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In computer graphics, ray tracing is a technique for generating an image by tracing the path of light through pixels in an image plane and simulating the effects of its encounters with virtual objects. The technique is capable of producing a very high degree of visual realism, usually higher than that of typical scanline rendering methods, but at a greater computational cost. This makes ray tracing best suited for applications where the image can be rendered slowly ahead of time, such as in still images and film and television visual effects, and more poorly suited for real-time applications like video games where speed is critical. Ray tracing is capable of simulating a wide variety of optical effects, such as reflection and refraction, scattering, and dispersion phenomena (such as chromatic aberration).
Actually my example of raytracing, is only an approximation, since you cannot ever know how real light reflects on a curved surface, since you need PI to calculate it, and PI is an irrational number.
And for that we have no clue what a photon is really. First of all if it travels at the speed of light it would have no mass? So why is it that photons have an impact on nature - heating things up, make them illuminate? Photons/phantoms, are the ones who shed light in our universe, thou we cannot define them.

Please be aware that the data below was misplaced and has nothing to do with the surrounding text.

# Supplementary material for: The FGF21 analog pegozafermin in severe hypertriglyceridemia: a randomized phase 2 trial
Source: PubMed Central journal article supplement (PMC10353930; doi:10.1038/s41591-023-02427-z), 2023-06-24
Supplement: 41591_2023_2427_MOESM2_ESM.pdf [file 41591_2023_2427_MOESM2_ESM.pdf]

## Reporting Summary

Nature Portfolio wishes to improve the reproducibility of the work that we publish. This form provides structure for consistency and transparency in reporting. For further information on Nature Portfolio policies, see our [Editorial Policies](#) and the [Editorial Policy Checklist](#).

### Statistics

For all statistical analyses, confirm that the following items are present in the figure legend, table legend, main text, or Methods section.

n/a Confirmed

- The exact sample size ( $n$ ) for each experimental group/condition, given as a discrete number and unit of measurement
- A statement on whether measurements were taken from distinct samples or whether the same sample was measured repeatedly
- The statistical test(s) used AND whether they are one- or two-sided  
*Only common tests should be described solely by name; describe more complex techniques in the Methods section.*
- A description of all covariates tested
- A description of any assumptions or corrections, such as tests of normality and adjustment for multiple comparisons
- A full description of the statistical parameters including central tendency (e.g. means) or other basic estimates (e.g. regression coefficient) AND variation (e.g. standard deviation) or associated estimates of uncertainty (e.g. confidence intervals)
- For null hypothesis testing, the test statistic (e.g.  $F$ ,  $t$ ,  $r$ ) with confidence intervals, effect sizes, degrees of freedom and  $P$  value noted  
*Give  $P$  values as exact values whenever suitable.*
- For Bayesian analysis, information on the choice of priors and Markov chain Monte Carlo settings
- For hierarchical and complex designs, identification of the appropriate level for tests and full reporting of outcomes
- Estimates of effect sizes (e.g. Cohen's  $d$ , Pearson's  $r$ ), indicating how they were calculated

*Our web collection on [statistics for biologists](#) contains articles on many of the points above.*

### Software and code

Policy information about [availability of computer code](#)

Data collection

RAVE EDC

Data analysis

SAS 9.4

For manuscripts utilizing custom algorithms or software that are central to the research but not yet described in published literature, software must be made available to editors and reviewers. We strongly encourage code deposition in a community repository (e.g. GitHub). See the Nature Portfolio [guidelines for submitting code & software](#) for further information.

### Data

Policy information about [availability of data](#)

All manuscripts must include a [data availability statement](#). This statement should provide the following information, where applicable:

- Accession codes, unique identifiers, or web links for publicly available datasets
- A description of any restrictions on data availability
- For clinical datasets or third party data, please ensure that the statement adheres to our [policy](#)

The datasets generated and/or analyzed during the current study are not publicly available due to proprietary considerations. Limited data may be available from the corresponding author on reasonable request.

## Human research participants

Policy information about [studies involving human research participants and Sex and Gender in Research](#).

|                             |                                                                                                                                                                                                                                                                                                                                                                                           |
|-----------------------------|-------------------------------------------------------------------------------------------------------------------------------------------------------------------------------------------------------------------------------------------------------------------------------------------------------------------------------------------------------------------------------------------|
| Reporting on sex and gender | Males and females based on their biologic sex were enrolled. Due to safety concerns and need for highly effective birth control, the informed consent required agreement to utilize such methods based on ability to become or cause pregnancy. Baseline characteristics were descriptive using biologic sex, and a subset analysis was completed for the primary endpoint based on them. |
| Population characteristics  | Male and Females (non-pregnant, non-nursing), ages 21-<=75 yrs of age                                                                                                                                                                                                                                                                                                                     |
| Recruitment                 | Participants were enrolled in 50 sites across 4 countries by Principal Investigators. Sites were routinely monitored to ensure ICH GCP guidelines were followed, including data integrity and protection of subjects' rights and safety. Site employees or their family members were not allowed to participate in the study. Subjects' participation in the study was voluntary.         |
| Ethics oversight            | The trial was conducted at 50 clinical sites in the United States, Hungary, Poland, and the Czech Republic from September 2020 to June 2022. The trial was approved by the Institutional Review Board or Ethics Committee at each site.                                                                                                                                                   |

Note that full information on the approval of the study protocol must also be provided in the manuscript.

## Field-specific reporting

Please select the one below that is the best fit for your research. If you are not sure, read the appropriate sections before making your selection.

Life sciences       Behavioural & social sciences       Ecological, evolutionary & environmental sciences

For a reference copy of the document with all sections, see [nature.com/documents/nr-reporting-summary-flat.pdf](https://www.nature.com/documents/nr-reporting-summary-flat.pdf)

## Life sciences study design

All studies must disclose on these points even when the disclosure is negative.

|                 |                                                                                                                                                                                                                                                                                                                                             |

It takes a photon about 100.000 years to penetrate the sun, and when it leaves the surface eventually, it will travel forever in the direction it escaped, dying upon impact.
So, photons exist as a wave of electromagnetism, or is it a wave of particles ? That imho, is the fundamental question.
If you follow the raytracer build in the videos, you will probably notice that PI is NEVER used..
Therefore you cannot say that light is a "packet" of particles.
Figure 02a shows pictorially the wave packet as a function of x (centering around xo) and the weighting function (centering around ko). A measurement on the wave packet will detect the particle at certain value of k. This is the Copenhagen Interpretation, which asserts that the wave function collapses to a single state in response to the measurement.
originally posted by: kloejen
Interesting. So light is not a particle, but in your thinking a wave of ... what ?
Electromagnetism? Then it has to be particles?